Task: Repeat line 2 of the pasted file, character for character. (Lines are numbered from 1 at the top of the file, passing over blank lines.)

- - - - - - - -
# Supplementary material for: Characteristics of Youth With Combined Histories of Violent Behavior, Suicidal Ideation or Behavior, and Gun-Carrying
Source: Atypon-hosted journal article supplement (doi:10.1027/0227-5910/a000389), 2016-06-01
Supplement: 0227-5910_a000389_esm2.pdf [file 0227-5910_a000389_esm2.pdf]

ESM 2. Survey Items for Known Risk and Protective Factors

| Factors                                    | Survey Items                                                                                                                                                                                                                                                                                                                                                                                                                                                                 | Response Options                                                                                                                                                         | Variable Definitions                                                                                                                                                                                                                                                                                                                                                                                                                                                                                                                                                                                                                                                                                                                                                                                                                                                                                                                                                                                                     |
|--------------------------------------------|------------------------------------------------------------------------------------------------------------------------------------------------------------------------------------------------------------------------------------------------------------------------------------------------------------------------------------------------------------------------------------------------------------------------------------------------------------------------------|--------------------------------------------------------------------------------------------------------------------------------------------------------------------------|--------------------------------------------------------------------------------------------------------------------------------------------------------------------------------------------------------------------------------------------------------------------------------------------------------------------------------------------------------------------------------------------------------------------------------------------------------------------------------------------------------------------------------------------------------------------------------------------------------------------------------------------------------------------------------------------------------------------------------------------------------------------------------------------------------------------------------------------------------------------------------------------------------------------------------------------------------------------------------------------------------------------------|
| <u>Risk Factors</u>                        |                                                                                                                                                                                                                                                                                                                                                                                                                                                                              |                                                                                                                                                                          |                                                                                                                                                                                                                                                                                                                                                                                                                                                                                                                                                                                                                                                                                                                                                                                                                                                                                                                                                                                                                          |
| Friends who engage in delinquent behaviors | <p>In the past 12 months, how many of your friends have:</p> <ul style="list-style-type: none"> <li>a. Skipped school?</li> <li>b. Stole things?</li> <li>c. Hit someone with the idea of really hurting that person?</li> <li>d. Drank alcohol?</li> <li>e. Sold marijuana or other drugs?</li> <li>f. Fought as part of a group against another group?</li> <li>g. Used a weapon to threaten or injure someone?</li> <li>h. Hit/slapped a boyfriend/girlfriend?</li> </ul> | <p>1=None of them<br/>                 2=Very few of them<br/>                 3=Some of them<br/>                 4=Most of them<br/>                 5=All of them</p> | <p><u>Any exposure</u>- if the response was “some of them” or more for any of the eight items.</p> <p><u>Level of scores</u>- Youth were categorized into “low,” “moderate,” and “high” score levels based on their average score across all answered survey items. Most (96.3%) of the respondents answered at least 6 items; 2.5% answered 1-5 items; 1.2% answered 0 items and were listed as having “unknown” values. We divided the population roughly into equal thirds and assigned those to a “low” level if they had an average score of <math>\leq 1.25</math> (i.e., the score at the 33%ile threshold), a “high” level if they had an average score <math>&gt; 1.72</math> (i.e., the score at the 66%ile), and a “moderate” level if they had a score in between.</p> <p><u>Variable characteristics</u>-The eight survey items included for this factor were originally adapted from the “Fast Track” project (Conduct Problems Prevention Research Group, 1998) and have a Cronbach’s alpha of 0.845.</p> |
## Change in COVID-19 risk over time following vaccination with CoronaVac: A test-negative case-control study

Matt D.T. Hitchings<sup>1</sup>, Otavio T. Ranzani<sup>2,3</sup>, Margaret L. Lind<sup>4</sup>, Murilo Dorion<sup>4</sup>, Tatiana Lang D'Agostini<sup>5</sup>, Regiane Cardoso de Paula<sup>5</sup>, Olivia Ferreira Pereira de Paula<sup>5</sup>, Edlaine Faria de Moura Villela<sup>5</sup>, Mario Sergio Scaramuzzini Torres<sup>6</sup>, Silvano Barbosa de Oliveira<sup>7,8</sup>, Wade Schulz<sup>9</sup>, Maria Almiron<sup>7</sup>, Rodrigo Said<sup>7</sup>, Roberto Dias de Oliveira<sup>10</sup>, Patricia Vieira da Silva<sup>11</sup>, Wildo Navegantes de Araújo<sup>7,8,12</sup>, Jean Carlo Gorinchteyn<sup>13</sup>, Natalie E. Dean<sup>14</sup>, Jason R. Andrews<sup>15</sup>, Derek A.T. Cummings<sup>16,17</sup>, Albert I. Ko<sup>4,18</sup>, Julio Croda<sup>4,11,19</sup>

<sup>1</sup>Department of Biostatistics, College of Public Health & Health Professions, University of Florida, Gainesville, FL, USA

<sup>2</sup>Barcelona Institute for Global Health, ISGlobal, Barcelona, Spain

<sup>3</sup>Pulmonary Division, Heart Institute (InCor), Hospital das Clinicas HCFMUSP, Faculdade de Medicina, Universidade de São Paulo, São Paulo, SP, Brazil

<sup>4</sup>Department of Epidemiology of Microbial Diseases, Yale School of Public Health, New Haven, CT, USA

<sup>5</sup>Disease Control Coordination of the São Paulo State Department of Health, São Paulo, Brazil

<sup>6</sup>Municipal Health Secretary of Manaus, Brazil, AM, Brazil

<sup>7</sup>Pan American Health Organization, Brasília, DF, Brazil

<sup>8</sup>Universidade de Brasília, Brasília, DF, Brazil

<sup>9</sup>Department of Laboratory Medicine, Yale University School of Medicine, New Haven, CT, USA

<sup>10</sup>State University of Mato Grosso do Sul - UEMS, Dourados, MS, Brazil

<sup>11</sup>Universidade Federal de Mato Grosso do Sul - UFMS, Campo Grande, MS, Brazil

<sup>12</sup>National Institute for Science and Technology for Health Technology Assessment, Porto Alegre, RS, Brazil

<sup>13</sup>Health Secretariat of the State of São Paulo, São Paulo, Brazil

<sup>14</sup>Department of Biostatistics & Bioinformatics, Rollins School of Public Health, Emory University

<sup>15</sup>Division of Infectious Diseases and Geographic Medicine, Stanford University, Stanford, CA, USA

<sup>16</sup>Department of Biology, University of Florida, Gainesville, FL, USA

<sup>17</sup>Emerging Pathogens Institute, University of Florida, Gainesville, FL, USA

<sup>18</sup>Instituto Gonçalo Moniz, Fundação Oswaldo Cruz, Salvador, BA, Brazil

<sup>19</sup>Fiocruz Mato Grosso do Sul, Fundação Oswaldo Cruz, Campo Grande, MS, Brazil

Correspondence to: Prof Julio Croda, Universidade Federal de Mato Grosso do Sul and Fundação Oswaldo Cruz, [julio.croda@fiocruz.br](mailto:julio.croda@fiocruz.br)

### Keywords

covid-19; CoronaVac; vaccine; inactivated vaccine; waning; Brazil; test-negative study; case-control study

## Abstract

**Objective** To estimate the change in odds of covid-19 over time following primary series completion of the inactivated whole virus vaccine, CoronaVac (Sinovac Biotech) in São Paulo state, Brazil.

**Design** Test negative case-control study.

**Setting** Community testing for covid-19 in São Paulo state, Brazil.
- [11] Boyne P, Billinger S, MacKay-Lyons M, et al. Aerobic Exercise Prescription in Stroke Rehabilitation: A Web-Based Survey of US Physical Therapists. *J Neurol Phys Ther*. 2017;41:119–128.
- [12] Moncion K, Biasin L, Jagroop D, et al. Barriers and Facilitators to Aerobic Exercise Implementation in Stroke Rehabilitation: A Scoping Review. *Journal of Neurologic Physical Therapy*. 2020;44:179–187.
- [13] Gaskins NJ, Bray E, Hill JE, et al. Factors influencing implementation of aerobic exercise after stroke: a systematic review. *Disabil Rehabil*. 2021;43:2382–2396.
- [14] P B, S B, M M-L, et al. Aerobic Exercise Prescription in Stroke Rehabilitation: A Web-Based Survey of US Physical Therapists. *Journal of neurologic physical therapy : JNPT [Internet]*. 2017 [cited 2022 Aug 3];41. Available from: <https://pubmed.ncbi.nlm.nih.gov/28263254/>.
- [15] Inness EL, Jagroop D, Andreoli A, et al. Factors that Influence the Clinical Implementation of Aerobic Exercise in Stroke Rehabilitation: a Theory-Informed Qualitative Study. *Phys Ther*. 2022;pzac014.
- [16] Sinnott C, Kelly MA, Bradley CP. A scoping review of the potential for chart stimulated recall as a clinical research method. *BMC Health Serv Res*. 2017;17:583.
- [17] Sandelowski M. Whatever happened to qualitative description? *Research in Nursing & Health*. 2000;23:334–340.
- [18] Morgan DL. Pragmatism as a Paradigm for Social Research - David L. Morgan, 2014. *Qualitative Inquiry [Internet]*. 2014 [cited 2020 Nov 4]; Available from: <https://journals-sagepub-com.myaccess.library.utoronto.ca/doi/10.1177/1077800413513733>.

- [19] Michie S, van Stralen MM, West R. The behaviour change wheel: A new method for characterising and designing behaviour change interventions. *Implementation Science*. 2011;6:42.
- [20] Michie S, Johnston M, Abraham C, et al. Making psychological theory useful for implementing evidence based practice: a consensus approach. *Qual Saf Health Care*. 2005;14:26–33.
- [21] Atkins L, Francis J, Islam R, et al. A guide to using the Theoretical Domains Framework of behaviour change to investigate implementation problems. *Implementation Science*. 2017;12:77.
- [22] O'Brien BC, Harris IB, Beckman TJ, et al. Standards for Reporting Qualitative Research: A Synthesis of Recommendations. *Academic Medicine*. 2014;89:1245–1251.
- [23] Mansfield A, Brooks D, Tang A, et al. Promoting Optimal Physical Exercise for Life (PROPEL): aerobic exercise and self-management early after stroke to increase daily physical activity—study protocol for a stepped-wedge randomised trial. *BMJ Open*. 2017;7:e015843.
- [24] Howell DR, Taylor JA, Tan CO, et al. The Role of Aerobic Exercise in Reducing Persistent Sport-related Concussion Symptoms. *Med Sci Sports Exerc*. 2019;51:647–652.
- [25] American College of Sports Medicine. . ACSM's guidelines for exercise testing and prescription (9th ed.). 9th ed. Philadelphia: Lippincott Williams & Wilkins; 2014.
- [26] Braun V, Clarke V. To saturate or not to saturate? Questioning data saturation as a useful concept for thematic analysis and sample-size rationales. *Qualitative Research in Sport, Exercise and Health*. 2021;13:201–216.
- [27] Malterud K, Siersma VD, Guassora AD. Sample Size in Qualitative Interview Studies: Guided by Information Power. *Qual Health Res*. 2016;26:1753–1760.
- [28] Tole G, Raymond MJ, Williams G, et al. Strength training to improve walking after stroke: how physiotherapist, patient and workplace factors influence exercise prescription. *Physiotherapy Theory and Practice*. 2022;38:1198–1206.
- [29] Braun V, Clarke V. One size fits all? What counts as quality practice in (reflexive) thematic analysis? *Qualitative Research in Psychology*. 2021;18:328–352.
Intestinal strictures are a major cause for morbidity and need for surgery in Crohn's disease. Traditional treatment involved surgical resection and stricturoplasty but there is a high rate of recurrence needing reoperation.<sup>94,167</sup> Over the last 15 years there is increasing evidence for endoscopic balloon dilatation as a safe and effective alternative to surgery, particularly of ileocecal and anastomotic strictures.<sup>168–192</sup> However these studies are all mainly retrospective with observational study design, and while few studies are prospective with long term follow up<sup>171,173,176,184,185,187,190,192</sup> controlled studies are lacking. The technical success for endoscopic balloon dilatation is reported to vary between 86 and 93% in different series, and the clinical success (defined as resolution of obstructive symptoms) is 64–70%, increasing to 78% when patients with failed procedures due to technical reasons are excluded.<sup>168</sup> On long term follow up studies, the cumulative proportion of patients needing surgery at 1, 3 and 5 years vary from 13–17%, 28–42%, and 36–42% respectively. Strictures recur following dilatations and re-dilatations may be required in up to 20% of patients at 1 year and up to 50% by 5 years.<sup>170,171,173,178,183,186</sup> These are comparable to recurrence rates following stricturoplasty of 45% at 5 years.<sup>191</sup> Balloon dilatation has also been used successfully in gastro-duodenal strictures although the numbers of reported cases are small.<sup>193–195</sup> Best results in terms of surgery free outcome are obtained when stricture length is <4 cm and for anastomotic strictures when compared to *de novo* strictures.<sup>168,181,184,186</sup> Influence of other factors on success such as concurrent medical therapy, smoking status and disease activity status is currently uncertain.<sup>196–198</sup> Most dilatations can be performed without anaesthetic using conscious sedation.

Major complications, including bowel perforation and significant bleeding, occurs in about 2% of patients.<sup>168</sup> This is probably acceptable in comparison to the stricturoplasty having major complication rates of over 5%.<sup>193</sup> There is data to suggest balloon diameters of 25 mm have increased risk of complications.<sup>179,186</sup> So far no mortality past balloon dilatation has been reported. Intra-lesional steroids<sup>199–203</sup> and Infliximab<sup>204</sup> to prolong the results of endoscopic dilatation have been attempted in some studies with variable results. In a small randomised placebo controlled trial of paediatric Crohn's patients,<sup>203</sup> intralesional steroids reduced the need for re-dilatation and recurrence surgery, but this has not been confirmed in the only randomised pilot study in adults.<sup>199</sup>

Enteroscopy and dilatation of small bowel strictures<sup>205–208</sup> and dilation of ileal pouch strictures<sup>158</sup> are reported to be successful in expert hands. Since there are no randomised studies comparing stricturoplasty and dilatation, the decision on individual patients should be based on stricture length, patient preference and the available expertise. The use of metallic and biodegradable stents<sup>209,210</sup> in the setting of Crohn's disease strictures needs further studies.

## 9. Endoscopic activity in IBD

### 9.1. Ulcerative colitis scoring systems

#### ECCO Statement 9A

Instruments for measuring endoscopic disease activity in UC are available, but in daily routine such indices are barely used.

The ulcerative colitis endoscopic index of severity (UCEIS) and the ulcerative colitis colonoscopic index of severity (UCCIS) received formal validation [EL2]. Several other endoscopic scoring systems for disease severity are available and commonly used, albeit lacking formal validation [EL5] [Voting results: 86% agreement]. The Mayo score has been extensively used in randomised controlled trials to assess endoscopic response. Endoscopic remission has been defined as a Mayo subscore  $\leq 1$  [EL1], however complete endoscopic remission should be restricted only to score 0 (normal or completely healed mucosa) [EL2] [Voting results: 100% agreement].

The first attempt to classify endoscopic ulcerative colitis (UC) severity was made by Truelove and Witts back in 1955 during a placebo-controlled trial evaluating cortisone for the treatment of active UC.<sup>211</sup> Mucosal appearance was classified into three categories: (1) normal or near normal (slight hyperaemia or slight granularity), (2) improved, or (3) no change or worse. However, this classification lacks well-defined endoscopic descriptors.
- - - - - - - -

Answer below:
Source: Atypon-hosted journal article supplement (doi:10.1027/0227-5910/a000389), 2016-06-01